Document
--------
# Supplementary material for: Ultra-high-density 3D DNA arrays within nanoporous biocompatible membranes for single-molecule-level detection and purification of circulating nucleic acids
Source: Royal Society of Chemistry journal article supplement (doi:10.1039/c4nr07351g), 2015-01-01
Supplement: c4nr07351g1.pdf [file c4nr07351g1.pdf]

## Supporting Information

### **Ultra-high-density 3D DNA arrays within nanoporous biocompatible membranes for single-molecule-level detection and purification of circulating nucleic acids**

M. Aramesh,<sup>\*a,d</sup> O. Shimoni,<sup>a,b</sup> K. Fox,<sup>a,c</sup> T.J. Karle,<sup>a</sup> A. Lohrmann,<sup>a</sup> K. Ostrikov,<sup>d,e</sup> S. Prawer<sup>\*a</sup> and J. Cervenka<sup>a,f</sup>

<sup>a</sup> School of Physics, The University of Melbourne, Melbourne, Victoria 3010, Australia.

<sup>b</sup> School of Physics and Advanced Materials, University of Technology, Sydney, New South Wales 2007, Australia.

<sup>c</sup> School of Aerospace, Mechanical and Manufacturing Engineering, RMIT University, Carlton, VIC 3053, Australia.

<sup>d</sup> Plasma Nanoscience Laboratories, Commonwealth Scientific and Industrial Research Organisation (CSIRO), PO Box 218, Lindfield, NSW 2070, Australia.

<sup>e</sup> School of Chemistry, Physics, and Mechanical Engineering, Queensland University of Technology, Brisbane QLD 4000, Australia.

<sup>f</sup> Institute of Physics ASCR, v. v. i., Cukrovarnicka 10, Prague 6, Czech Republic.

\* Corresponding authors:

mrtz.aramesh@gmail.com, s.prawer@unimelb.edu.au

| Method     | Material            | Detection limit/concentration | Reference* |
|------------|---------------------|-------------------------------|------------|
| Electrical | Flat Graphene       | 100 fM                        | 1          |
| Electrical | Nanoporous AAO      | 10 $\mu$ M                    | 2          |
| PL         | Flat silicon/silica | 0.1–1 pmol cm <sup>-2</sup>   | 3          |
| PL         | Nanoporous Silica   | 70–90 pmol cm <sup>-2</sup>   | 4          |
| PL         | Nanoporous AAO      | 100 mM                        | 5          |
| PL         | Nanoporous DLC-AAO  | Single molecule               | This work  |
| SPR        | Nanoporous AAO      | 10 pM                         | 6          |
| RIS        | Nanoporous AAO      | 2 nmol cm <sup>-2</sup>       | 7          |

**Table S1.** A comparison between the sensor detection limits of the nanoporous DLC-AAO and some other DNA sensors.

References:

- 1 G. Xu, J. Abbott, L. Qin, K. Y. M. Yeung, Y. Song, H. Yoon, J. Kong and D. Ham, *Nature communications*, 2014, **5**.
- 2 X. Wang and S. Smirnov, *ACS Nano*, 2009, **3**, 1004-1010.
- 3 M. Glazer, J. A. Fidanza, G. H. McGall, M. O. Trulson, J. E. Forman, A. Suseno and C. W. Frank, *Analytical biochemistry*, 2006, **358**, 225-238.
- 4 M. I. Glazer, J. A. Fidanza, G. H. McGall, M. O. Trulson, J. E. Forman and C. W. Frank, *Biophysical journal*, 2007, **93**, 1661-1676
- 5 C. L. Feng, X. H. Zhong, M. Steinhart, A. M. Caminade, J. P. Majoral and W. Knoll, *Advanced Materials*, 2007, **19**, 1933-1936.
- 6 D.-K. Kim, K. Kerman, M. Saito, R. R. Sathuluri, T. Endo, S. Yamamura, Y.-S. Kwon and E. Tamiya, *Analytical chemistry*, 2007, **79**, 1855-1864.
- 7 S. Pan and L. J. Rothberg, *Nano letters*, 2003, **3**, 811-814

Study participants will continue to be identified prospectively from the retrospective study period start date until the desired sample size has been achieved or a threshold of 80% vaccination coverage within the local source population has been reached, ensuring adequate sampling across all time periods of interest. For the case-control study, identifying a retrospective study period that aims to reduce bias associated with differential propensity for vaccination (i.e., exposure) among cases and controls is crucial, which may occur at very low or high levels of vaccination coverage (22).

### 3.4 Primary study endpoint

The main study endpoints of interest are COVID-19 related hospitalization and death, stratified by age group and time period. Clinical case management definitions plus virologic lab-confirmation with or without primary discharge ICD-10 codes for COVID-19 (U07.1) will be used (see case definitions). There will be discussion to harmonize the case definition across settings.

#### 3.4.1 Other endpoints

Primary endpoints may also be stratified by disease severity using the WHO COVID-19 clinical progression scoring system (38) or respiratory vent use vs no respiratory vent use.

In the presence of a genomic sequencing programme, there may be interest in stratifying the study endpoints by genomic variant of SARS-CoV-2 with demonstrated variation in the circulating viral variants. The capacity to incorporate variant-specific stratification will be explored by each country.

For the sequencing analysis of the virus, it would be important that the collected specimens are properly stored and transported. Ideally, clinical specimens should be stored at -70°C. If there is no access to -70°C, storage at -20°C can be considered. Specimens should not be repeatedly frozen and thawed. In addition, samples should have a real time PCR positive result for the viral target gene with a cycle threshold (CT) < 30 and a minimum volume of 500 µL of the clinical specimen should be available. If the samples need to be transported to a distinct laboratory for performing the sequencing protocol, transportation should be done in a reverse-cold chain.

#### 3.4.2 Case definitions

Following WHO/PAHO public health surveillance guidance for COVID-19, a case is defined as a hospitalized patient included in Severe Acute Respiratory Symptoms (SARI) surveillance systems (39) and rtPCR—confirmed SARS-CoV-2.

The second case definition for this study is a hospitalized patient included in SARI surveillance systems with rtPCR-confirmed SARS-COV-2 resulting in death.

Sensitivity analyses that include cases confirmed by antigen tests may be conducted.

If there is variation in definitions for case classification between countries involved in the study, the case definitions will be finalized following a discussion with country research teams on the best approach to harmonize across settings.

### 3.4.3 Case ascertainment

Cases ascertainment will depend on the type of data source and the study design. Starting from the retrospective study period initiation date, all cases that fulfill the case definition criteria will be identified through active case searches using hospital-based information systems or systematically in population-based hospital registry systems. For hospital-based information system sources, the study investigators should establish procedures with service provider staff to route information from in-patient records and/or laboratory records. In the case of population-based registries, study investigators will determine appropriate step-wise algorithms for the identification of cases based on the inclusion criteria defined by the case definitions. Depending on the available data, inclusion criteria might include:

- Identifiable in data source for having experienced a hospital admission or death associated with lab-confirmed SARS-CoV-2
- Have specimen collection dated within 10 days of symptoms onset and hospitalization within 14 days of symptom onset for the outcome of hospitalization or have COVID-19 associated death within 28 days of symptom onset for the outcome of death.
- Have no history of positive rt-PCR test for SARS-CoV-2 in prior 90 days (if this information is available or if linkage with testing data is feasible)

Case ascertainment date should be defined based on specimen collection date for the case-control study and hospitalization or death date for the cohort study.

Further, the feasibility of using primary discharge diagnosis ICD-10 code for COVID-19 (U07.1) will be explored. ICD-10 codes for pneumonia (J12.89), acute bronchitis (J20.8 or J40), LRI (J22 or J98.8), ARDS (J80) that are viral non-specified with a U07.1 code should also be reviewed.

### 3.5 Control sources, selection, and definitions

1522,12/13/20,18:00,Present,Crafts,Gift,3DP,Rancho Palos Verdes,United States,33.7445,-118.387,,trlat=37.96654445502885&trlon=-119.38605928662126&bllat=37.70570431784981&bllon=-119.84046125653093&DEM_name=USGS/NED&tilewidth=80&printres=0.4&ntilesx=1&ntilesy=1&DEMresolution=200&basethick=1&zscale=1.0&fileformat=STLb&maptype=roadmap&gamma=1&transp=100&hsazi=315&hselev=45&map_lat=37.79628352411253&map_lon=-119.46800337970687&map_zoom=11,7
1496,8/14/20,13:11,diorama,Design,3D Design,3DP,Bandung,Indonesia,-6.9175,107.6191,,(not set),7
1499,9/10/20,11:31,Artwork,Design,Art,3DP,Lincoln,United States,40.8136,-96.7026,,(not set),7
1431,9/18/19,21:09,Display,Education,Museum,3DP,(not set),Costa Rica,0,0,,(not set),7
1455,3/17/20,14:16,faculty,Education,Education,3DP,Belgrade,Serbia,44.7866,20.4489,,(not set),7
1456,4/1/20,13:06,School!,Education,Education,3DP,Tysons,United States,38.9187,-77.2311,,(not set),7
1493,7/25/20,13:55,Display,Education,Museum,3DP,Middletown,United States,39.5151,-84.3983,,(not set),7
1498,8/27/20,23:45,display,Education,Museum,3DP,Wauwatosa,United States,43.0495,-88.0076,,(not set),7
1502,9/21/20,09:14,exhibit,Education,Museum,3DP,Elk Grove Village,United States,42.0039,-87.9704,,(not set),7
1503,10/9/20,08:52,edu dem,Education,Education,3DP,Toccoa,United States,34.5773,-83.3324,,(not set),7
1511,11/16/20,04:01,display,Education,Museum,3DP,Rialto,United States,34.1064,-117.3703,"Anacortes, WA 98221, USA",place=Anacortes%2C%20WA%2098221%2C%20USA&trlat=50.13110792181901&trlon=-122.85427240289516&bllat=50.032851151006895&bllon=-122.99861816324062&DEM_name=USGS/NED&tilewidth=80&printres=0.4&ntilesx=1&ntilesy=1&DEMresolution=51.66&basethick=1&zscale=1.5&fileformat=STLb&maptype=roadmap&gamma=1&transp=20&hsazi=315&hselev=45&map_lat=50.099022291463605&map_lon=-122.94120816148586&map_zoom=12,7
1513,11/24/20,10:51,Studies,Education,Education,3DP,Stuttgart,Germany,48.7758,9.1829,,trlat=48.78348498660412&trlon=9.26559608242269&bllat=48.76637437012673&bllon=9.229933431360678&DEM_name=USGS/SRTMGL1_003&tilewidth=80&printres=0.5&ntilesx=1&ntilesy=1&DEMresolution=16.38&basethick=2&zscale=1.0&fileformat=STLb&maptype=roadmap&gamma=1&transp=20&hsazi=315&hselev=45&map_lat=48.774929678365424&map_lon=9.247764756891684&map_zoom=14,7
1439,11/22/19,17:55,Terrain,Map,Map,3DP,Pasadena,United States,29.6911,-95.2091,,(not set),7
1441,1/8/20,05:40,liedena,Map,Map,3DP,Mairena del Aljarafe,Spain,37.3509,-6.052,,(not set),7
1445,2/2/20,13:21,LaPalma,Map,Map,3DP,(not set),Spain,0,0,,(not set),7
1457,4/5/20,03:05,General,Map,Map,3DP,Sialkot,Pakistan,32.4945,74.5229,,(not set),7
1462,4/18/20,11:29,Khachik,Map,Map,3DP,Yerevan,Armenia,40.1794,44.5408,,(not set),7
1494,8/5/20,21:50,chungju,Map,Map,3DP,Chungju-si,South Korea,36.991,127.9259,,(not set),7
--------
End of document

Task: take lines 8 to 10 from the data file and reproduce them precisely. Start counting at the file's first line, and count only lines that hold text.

<sup>b</sup> School of Physics and Advanced Materials, University of Technology, Sydney, New South Wales 2007, Australia.

<sup>c</sup> School of Aerospace, Mechanical and Manufacturing Engineering, RMIT University, Carlton, VIC 3053, Australia.

<sup>d</sup> Plasma Nanoscience Laboratories, Commonwealth Scientific and Industrial Research Organisation (CSIRO), PO Box 218, Lindfield, NSW 2070, Australia.